Google is braced for a fine of potentially more than 1bn euro ($1.18 billion) as Brussels prepares to make the first of three antitrust decisions on the search group's practices, the first sanction by a leading competition regulator on the way it operates. From a report: The penalty, expected to be announced in the coming weeks, could exceed the record 1.1 billion euro bill slapped on Intel, in 2009 for anti-competitive behavior in the computer-chip market, the two people told The Times. The European Commission's antitrust body declined to comment to MarketWatch on the FT report, but referred to the latest steps taken in the case against Google. In July last year, the commission reiterated its conclusion that the search giant had "abused its dominant position by systematically favoring its comparison shopping service in its search result pages." Google and its parent company Alphabet were then given 10 weeks to respond to the findings. Reuters reported last month that Google had attempted to settle the dispute with the EU three times in the last six years, but the sides had failed to reach a compromise.
Google

Wall Street Journal's Google Traffic Drops 44% After Pulling Out of First Click Free (bloomberg.com) 257

In February, the Wall Street Journal blocked Google users from reading free articles, resulting in a fourfold increase in the rate of visitors converting into paying customers. The tradeoff, as reported by Bloomberg, is a decrease in traffic from Google. Since the WSJ ended its support for Google's "first click free" policy, traffic from Google plummeted 44 percent. From the report: Google search results are based on an algorithm that scans the internet for free content. After the Journal's free articles went behind a paywall, Google's bot only saw the first few paragraphs and started ranking them lower, limiting the Journal's viewership. Executives at the Journal, owned by Rupert Murdoch's News Corp., argue that Google's policy is unfairly punishing them for trying to attract more digital subscribers. They want Google to treat their articles equally in search rankings, despite being behind a paywall. The Journal's experience could have implications across the news industry, where publishers are relying more on convincing readers to pay for their articles because tech giants like Google and Facebook are vacuuming up the lion's share of online advertising. Google says its "first click free" policy is good for both consumers and publishers. People want to get the news quickly and don't want to immediately encounter a paywall. Plus, if publishers let Google users sample articles for free, there's a better chance they'll end up subscribing, Google says. The tech giant likens its policy to stores allowing people to flip through newspapers and magazines before choosing which one to buy.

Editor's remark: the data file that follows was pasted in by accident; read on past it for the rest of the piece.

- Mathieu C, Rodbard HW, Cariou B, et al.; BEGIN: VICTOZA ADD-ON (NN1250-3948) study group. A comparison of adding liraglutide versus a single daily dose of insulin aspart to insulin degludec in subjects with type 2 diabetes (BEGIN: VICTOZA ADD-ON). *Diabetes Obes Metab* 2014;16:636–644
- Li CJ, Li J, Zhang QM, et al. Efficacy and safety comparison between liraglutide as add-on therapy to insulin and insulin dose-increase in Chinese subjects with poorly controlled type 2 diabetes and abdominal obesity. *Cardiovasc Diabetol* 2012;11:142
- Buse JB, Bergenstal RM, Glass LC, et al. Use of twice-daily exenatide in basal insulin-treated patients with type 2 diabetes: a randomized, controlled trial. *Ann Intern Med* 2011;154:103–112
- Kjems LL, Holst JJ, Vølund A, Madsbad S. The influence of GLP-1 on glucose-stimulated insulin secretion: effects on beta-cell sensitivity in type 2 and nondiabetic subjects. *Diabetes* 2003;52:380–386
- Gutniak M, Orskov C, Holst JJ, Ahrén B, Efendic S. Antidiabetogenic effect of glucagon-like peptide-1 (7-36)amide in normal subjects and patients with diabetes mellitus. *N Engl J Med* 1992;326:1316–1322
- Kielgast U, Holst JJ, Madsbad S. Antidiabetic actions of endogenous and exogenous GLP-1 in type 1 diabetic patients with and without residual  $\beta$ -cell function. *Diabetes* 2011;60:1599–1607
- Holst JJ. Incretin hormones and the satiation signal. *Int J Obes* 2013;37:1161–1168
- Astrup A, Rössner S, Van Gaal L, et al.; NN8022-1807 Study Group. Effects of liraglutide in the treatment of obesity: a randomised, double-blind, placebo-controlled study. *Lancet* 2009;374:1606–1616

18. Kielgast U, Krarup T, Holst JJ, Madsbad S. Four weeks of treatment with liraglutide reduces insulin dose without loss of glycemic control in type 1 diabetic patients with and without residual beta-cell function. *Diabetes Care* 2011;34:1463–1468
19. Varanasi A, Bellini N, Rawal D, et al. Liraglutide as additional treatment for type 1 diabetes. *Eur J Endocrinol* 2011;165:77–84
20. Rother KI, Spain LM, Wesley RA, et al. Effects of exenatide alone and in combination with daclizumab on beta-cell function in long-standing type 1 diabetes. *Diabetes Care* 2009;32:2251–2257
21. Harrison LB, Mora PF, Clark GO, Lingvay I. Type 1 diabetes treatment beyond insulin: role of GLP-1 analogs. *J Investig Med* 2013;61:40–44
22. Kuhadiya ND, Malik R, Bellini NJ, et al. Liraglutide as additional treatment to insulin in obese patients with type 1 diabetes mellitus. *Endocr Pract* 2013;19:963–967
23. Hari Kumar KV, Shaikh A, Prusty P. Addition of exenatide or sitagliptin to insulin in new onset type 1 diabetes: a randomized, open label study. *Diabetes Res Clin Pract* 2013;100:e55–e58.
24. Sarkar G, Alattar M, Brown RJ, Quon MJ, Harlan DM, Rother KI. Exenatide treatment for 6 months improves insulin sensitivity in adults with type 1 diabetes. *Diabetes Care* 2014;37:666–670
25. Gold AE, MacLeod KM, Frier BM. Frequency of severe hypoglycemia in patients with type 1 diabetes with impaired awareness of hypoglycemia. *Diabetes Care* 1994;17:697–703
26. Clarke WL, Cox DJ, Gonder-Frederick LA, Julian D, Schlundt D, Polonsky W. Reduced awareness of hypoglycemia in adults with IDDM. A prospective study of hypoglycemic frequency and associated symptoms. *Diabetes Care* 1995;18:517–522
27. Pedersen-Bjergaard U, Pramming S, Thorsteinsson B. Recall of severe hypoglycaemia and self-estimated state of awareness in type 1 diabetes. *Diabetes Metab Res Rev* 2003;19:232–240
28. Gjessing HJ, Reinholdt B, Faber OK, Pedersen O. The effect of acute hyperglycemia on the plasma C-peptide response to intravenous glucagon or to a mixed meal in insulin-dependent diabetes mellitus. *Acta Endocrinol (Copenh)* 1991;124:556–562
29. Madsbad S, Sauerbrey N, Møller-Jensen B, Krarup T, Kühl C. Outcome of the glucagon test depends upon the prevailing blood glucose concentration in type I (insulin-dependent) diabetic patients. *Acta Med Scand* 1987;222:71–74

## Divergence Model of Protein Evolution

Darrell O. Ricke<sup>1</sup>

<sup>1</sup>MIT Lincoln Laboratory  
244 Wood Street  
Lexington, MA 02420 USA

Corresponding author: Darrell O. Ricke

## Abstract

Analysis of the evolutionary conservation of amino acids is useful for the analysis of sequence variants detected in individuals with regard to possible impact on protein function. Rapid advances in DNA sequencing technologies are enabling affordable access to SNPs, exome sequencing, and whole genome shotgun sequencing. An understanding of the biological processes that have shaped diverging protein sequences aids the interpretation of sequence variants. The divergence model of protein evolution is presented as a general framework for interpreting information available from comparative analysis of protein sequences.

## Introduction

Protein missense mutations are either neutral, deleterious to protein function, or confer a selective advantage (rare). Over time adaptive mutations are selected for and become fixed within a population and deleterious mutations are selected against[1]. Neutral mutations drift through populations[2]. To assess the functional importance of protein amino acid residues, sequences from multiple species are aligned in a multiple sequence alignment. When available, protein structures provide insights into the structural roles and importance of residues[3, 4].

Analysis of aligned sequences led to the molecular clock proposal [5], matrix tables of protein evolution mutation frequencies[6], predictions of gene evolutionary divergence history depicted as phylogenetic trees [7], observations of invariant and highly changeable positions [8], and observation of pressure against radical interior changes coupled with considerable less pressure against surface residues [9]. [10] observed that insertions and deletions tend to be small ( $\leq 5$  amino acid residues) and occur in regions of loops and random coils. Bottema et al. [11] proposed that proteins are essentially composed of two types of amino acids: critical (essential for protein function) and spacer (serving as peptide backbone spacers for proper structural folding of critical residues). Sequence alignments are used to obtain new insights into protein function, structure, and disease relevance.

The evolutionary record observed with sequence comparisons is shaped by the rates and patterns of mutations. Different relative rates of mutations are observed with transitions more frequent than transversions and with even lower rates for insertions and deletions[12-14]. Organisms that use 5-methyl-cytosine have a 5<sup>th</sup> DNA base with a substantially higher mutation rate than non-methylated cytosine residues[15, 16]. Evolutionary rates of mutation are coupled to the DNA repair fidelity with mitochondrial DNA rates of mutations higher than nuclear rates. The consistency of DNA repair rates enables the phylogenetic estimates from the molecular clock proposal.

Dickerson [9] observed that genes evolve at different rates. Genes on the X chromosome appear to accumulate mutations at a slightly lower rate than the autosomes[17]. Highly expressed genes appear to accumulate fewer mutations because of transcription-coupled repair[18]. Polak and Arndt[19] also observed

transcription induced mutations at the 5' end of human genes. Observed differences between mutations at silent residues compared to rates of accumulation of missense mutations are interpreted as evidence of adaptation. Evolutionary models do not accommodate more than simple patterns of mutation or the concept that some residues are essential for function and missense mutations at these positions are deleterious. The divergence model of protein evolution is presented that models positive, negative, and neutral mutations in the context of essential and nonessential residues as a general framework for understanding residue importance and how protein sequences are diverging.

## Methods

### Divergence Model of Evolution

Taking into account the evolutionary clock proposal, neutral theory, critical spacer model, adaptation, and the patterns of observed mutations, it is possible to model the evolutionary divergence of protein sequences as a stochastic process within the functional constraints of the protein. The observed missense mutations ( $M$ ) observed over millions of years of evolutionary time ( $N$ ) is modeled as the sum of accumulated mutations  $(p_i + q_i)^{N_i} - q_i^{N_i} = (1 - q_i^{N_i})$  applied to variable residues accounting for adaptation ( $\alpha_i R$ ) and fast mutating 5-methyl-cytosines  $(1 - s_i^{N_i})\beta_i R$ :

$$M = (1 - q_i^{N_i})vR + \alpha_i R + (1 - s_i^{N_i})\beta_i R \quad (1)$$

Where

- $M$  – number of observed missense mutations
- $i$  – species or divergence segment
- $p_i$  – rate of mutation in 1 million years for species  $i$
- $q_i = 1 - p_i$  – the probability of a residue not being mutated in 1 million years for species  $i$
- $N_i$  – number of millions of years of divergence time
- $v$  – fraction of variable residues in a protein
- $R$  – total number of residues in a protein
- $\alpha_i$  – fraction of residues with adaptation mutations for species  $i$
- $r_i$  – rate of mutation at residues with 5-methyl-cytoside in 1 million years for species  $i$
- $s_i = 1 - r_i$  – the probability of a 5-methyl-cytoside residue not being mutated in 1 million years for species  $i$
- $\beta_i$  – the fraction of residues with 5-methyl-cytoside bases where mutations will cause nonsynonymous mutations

EU

Google Could Face a $9 Billion EU Fine For Rigging Search Results In Its Favor (independent.co.uk) 86

schwit1 quotes a report from The Independent: EU antitrust regulators aim to slap a hefty fine on Alphabet unit Google over its shopping service before the summer break in August, two people familiar with the matter said, setting the stage for two other cases involving the U.S. company. The European Commission's decision will come after a seven-year investigation into the world's most popular internet search engine was triggered by scores of complaints from both U.S. and European rivals. Fines for companies found guilty of breaching EU antitrust rules can reach 10 percent of their global turnover, which in Google's case could be about $9 billion of its 2016 turnover. Apart from the fine, the Commission will tell Google to stop its alleged anti-competitive practices but it is not clear what measures it will order the company to adopt to ensure that rivals get equal treatment in internet shopping results. The company has also been charged with using its Android mobile operating system to squeeze out rivals and with blocking competitors in online search advertising related to its "AdSense for Search" platform. The platform allows Google to act as an intermediary for websites such as online retailers, telecoms operators or newspapers. The Commission has warned of massive fines in both cases.